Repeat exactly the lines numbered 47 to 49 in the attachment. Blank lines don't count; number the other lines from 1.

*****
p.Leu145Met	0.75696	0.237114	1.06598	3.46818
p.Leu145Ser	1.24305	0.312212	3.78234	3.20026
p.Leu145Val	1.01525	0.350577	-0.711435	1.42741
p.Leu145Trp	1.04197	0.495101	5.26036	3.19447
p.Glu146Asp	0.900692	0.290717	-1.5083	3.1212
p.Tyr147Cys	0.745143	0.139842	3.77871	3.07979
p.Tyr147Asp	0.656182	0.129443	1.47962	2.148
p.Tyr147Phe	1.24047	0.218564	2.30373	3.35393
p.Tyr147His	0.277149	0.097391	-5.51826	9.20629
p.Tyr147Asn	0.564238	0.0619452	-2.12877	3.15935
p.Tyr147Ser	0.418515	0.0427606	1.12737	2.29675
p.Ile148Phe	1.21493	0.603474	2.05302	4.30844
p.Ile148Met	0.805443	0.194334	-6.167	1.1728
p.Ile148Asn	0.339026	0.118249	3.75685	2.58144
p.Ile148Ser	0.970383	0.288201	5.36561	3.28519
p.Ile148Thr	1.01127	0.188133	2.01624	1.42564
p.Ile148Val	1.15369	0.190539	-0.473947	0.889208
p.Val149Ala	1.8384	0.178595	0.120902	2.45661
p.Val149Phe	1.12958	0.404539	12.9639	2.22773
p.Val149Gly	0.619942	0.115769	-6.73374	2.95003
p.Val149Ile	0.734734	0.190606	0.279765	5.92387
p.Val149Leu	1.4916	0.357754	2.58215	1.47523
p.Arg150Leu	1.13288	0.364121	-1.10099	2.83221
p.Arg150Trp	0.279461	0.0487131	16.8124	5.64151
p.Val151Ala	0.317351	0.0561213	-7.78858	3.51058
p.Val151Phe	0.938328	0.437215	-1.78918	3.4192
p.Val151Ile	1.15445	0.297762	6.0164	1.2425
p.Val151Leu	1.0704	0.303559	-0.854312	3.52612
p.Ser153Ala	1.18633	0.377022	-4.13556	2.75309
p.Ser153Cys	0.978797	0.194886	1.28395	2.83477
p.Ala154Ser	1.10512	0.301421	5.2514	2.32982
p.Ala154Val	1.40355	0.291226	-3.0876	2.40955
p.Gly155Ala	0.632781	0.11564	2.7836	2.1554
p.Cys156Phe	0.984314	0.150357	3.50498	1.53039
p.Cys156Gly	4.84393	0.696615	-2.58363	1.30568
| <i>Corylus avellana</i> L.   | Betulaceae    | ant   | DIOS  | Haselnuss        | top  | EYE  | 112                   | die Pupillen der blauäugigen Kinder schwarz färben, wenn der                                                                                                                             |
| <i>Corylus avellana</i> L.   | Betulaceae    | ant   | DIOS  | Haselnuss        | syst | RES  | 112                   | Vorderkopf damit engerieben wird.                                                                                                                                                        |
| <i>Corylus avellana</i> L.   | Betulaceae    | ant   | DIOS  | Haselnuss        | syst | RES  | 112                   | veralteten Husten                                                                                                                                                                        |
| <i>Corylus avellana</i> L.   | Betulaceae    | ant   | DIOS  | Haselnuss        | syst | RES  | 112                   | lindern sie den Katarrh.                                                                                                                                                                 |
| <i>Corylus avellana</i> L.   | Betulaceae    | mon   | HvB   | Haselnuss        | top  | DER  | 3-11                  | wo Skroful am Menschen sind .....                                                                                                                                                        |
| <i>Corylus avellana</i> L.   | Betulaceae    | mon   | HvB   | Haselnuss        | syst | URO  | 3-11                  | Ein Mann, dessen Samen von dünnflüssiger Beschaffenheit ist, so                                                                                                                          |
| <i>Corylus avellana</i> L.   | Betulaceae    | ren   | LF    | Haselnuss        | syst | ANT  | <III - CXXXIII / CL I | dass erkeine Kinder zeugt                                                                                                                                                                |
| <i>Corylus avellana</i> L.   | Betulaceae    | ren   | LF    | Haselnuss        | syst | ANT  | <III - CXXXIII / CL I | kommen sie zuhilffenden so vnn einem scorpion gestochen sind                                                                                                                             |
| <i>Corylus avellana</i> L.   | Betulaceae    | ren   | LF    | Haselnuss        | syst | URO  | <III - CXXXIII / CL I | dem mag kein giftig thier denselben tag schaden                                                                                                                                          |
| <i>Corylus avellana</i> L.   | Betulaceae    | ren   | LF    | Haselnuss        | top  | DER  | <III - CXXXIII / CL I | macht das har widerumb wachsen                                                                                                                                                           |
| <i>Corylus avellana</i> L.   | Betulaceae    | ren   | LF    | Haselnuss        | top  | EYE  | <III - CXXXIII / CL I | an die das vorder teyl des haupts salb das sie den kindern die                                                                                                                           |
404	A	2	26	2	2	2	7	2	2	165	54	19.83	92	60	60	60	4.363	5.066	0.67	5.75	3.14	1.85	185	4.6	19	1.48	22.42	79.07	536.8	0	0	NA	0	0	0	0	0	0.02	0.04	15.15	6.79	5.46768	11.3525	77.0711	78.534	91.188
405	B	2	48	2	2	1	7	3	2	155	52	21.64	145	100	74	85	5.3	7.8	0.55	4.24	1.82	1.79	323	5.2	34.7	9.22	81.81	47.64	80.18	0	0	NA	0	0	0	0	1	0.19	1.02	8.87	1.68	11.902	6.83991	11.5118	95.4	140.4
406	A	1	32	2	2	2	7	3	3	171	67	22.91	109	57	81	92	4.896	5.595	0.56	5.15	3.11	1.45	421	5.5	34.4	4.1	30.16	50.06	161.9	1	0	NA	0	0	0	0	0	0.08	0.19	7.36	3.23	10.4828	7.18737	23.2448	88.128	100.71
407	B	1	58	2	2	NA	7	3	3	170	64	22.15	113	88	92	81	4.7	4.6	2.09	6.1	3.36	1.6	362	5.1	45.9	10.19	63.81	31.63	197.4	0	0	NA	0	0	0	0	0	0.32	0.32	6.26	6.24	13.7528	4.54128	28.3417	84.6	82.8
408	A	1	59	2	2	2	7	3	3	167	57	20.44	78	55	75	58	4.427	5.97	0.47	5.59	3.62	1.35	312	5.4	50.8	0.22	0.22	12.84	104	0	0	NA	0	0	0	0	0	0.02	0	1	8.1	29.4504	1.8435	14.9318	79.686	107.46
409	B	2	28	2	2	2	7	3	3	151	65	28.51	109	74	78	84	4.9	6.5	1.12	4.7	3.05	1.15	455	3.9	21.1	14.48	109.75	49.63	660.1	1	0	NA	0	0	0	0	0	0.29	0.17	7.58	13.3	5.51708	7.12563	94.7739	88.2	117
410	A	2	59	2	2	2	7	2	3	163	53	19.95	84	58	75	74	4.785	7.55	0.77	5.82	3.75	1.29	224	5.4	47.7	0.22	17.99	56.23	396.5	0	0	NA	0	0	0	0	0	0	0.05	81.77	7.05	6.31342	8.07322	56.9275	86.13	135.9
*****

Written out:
404	A	2	26	2	2	2	7	2	2	165	54	19.83	92	60	60	60	4.363	5.066	0.67	5.75	3.14	1.85	185	4.6	19	1.48	22.42	79.07	536.8	0	0	NA	0	0	0	0	0	0.02	0.04	15.15	6.79	5.46768	11.3525	77.0711	78.534	91.188
405	B	2	48	2	2	1	7	3	2	155	52	21.64	145	100	74	85	5.3	7.8	0.55	4.24	1.82	1.79	323	5.2	34.7	9.22	81.81	47.64	80.18	0	0	NA	0	0	0	0	1	0.19	1.02	8.87	1.68	11.902	6.83991	11.5118	95.4	140.4
406	A	1	32	2	2	2	7	3	3	171	67	22.91	109	57	81	92	4.896	5.595	0.56	5.15	3.11	1.45	421	5.5	34.4	4.1	30.16	50.06	161.9	1	0	NA	0	0	0	0	0	0.08	0.19	7.36	3.23	10.4828	7.18737	23.2448	88.128	100.71